By Ben Westhoff and Sarah Purkrabek
By Steve Brennan
By Joseph Hess
By Allsion Babka
By Kelsey McClure
By RFT Music
By Christian Schaeffer
By Gabriel San Roman
When it comes down to it, most forms of music hinge on the strength of a riff (or a hook, or a vamp, depending on the genre). And Lung Dust is full of riffs some reminiscent of metal, others like stoner rock, but most simple and satisfying enough to work their way into your head. Lung Dust isn't interested in mind-blowing, technically stunning runs on the fretboard. (And who is, aside from Steve Vai acolytes?) Instead, it opts for muddy, sludgy jams that can be downright minimalist in their repetitiveness. Band members Dustin, Gunnar and Ben (first names only, please) are a tight power trio; there are a few rhythmic hiccups on the album, but nothing to disrupt the fuzzy haze of these heavy tracks.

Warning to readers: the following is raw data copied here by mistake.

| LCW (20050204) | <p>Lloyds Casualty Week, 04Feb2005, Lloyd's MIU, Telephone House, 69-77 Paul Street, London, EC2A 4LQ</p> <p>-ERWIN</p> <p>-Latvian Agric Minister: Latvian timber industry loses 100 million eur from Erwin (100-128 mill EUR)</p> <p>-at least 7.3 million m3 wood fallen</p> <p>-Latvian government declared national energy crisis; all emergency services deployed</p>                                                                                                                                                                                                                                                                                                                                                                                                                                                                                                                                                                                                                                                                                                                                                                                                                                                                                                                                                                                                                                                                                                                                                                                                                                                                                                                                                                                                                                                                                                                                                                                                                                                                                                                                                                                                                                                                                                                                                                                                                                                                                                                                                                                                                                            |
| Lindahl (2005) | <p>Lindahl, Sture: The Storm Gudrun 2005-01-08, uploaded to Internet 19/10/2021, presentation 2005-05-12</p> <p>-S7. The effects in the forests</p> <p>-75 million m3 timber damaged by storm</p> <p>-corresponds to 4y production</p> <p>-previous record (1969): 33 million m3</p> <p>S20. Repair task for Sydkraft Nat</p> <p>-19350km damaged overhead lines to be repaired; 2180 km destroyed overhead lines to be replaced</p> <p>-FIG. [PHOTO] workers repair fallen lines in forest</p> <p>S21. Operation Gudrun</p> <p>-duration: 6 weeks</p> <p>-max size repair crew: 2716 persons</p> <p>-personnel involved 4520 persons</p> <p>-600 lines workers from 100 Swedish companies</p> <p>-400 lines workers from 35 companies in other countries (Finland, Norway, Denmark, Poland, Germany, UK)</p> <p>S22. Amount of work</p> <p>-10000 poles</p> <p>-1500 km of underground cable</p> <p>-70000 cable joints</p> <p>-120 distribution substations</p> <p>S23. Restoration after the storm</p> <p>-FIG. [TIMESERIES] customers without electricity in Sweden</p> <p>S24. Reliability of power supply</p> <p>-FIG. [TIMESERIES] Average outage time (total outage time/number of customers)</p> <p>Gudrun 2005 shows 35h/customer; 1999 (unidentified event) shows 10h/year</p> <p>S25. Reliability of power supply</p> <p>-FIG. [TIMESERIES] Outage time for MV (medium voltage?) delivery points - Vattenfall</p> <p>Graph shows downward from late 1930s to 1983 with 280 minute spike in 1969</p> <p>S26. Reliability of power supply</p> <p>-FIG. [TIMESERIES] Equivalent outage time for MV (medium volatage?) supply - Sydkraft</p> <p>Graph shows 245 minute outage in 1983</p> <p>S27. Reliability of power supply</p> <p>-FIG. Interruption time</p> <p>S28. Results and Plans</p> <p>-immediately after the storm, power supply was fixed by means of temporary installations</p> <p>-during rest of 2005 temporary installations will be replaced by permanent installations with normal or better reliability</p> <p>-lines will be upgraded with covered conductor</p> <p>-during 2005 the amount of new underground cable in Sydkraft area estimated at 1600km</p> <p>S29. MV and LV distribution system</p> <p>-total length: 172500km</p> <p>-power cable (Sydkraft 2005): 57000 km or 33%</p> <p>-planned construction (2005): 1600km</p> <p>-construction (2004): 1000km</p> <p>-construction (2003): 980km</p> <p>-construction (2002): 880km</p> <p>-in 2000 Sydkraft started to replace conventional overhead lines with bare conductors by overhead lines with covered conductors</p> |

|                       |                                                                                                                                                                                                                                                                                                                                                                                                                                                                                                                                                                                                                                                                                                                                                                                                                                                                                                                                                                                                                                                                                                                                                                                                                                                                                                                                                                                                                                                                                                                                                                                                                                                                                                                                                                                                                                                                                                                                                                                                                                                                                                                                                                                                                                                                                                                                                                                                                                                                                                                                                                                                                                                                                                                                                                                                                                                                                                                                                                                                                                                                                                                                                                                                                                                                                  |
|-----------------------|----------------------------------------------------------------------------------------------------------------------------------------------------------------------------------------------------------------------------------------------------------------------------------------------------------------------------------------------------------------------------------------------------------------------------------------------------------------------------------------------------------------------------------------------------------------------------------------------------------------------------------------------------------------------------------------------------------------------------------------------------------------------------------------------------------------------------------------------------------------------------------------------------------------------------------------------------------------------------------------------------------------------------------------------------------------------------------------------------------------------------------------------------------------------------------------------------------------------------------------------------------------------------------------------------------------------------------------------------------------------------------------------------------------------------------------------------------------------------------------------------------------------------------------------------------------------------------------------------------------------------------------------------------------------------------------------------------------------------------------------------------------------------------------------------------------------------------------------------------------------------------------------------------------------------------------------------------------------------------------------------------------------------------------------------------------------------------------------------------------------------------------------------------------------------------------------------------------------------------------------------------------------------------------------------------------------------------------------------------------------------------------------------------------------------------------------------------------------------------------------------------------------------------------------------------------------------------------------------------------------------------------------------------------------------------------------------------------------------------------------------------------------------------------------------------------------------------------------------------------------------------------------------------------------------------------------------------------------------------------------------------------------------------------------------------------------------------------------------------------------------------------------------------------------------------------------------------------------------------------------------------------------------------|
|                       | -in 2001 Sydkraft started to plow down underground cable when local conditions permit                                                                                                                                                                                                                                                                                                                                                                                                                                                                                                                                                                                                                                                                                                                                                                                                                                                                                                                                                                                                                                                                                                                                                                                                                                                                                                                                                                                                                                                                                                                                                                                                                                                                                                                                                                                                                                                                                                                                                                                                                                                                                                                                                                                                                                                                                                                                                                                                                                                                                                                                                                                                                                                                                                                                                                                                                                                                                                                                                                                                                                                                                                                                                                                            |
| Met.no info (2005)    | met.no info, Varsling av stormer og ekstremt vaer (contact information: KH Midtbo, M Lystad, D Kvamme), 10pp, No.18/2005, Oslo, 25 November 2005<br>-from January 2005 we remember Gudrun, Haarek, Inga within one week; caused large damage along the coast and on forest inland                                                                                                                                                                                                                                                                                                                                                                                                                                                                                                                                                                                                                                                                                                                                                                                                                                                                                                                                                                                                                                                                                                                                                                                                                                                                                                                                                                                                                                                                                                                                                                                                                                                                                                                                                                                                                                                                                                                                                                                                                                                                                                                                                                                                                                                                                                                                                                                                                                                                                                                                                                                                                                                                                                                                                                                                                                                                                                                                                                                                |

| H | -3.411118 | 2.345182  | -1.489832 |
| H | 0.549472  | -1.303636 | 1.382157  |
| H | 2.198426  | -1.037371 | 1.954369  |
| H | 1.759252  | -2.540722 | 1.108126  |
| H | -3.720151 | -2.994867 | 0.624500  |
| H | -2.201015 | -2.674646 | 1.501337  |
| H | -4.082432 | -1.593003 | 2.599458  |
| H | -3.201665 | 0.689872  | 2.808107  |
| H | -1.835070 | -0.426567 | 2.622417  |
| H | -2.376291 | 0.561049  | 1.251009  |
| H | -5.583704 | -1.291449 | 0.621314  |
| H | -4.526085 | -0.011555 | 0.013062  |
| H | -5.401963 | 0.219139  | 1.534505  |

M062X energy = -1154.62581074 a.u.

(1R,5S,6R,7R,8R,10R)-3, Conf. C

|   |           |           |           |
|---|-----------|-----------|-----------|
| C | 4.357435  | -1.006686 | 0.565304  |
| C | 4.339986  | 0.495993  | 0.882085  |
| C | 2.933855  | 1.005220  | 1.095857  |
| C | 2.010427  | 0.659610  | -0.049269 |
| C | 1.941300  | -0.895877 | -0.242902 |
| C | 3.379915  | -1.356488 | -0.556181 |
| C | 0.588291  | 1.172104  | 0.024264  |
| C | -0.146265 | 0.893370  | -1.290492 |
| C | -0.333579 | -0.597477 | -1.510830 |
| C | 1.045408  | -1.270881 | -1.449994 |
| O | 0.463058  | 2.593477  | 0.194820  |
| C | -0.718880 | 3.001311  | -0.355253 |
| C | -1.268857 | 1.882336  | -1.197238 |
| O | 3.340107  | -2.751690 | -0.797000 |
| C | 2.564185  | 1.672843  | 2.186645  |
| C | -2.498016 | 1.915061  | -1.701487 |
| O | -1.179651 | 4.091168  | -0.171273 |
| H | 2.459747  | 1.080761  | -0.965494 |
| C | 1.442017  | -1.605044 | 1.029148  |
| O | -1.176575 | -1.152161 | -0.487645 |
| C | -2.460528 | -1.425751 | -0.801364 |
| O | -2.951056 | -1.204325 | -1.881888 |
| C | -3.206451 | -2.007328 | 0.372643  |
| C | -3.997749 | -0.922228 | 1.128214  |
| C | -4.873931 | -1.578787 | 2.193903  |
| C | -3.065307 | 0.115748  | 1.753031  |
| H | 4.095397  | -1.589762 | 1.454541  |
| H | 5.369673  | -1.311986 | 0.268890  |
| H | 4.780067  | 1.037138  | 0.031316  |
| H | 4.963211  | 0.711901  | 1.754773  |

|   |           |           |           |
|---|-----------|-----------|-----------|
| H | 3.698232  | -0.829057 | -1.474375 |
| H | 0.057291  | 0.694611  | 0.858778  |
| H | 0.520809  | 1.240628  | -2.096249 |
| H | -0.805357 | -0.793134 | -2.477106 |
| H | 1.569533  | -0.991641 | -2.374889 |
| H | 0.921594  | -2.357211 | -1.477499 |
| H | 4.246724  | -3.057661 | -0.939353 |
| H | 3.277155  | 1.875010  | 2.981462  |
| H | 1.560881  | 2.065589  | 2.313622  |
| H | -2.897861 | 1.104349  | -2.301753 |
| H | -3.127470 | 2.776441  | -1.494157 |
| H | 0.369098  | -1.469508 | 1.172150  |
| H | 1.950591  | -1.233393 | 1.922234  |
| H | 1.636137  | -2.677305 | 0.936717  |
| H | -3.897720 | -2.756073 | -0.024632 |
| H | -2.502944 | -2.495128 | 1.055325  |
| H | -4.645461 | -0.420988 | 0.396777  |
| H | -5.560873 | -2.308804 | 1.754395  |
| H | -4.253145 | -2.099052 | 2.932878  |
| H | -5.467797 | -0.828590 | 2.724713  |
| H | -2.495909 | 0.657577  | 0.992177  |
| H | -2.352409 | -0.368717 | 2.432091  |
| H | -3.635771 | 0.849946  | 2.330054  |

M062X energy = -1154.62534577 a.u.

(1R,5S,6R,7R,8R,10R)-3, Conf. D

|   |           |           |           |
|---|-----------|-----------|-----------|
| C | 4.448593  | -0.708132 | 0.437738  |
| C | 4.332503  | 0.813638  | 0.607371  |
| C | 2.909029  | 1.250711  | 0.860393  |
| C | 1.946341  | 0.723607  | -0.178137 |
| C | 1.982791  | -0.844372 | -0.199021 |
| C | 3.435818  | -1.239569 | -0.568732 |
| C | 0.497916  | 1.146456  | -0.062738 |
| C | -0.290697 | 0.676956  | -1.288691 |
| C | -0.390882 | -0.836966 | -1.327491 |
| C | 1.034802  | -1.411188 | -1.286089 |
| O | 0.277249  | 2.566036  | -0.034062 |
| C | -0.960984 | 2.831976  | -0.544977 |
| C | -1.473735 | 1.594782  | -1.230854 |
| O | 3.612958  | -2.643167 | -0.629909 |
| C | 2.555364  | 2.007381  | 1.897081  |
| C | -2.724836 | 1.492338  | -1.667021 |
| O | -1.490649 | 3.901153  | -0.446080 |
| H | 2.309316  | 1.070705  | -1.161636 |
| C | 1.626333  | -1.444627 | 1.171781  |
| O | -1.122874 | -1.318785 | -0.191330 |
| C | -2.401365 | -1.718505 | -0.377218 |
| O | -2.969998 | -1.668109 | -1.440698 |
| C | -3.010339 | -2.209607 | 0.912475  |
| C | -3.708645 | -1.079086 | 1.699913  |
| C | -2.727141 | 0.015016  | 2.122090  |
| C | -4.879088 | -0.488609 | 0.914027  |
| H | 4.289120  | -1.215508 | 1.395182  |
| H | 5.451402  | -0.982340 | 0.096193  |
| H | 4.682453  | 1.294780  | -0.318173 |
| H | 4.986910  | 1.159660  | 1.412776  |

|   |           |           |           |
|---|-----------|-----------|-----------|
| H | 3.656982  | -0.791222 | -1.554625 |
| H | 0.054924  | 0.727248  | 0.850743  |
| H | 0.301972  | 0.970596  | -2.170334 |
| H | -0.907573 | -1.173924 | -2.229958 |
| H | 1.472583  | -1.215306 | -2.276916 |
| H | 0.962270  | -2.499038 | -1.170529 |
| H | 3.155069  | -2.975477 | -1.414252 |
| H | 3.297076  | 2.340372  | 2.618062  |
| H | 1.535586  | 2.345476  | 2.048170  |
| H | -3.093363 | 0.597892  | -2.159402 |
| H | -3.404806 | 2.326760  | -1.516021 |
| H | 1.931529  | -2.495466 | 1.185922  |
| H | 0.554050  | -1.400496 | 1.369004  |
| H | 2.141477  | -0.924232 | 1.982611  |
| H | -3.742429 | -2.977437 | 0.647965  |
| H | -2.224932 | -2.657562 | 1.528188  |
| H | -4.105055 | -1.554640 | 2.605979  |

Singer and guitarist Ben has the requisite rock-dude pipes but he's also a versatile-enough vocalist to display a full-throated growl in some places or add a clean vocal sheen to other tracks. "Go Hide" is the standout of the ten songs here, a thrasher that demonstrates the band's quick timing and Ben's convincing, assured delivery. The album ends with a cover of Rufus Thomas' "Walking the Dog," which maintains the heaviness of the rest of the disc but also shows the bandmates at their most playful, as they bat around the blues classic. "Walking the Dog" may seem like a strange bedfellow for a hard-rock band, but the guys in Lung Dust know a good riff when they hear it.
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